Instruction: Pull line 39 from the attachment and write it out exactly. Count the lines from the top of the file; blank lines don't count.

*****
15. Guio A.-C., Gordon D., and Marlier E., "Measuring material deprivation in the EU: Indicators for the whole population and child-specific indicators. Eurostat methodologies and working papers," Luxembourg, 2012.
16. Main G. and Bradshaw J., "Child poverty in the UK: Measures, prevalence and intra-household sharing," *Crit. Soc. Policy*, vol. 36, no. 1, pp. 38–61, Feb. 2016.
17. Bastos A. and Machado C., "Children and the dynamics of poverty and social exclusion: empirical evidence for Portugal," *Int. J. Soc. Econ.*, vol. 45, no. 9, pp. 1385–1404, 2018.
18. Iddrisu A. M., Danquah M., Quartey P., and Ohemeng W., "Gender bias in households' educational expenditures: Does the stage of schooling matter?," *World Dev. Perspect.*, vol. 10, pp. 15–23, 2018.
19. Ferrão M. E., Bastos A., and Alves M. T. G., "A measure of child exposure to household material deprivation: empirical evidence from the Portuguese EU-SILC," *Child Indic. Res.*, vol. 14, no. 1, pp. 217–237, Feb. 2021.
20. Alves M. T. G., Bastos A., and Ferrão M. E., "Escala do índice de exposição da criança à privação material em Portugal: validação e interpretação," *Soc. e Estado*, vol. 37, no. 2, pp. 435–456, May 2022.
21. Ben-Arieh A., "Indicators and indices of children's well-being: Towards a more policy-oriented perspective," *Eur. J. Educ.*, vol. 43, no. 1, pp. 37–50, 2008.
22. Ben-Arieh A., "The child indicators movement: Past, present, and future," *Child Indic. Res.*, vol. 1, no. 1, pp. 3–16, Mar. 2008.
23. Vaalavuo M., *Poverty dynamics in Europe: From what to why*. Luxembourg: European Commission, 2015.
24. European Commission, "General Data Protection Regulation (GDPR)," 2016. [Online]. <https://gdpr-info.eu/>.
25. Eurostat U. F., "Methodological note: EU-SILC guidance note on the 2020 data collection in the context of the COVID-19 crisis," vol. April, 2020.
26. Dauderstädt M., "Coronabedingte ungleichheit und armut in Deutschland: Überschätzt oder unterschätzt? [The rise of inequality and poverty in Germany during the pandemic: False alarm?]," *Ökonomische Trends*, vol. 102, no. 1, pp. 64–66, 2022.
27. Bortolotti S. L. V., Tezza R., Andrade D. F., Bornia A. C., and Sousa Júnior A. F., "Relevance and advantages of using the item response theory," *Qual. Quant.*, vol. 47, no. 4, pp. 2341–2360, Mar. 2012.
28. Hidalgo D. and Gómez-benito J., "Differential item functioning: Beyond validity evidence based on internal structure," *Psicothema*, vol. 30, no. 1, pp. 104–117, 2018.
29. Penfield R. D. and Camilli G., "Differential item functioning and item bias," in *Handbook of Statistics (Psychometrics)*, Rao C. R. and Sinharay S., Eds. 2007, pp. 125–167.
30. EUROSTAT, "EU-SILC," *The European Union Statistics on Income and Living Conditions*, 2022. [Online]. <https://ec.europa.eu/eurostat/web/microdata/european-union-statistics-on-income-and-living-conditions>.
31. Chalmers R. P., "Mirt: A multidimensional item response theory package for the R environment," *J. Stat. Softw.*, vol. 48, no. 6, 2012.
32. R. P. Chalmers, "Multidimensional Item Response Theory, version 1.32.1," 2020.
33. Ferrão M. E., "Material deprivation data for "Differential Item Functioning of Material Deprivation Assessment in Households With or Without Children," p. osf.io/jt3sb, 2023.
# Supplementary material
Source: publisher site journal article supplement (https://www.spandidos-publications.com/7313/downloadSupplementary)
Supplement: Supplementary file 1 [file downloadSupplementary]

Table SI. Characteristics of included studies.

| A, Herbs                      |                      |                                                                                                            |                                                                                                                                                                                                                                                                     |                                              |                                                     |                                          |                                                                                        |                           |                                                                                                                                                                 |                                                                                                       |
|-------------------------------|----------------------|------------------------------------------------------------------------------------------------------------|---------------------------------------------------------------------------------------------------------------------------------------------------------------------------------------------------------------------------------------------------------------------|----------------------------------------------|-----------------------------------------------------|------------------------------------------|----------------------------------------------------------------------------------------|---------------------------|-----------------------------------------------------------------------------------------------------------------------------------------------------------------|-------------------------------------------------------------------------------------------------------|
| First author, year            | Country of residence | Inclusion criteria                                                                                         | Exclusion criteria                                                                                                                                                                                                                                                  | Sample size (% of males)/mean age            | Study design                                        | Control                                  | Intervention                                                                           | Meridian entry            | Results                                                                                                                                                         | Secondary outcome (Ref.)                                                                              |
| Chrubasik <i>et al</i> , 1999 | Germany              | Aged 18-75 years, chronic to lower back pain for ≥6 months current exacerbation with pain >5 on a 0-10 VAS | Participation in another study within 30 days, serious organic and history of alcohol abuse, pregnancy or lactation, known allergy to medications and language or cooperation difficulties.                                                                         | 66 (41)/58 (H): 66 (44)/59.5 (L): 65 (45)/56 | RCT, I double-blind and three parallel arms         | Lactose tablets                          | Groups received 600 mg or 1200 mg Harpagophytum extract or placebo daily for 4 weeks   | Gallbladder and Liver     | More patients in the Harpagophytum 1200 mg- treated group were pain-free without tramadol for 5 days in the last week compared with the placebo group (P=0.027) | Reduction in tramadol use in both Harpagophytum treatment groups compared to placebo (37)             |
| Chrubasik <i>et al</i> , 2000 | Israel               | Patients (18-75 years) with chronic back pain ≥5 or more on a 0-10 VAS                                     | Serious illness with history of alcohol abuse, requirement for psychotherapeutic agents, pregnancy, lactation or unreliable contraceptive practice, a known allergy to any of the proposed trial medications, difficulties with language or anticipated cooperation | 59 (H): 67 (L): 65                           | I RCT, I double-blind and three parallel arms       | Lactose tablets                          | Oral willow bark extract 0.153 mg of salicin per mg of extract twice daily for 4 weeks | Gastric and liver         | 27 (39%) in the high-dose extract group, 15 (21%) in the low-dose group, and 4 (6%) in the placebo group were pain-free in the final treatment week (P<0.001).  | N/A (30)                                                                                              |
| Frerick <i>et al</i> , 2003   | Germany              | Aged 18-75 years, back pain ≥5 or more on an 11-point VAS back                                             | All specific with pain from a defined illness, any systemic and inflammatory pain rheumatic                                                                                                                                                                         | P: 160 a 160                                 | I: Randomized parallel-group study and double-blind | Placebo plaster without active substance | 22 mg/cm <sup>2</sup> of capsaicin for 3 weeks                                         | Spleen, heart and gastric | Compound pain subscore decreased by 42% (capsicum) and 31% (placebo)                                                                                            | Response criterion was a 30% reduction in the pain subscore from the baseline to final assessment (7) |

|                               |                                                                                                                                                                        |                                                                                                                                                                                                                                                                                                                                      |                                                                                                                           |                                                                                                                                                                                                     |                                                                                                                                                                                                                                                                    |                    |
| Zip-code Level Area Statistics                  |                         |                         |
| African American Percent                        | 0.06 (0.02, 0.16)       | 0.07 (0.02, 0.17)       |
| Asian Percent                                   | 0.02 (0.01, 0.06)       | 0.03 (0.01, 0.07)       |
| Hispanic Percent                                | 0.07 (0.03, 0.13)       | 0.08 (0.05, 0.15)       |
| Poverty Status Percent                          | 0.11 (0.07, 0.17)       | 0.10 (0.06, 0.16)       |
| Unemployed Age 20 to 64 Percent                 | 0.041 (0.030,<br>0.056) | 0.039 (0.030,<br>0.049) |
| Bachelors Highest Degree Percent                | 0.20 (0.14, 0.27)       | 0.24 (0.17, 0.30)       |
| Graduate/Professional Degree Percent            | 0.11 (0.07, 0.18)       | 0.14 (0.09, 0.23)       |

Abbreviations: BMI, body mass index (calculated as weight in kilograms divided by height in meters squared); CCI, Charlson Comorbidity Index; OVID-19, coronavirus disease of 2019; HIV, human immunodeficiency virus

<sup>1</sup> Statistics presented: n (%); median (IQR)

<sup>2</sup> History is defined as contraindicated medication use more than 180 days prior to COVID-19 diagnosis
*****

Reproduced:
Abbreviations: BMI, body mass index (calculated as weight in kilograms divided by height in meters squared); CCI, Charlson Comorbidity Index; OVID-19, coronavirus disease of 2019; HIV, human immunodeficiency virus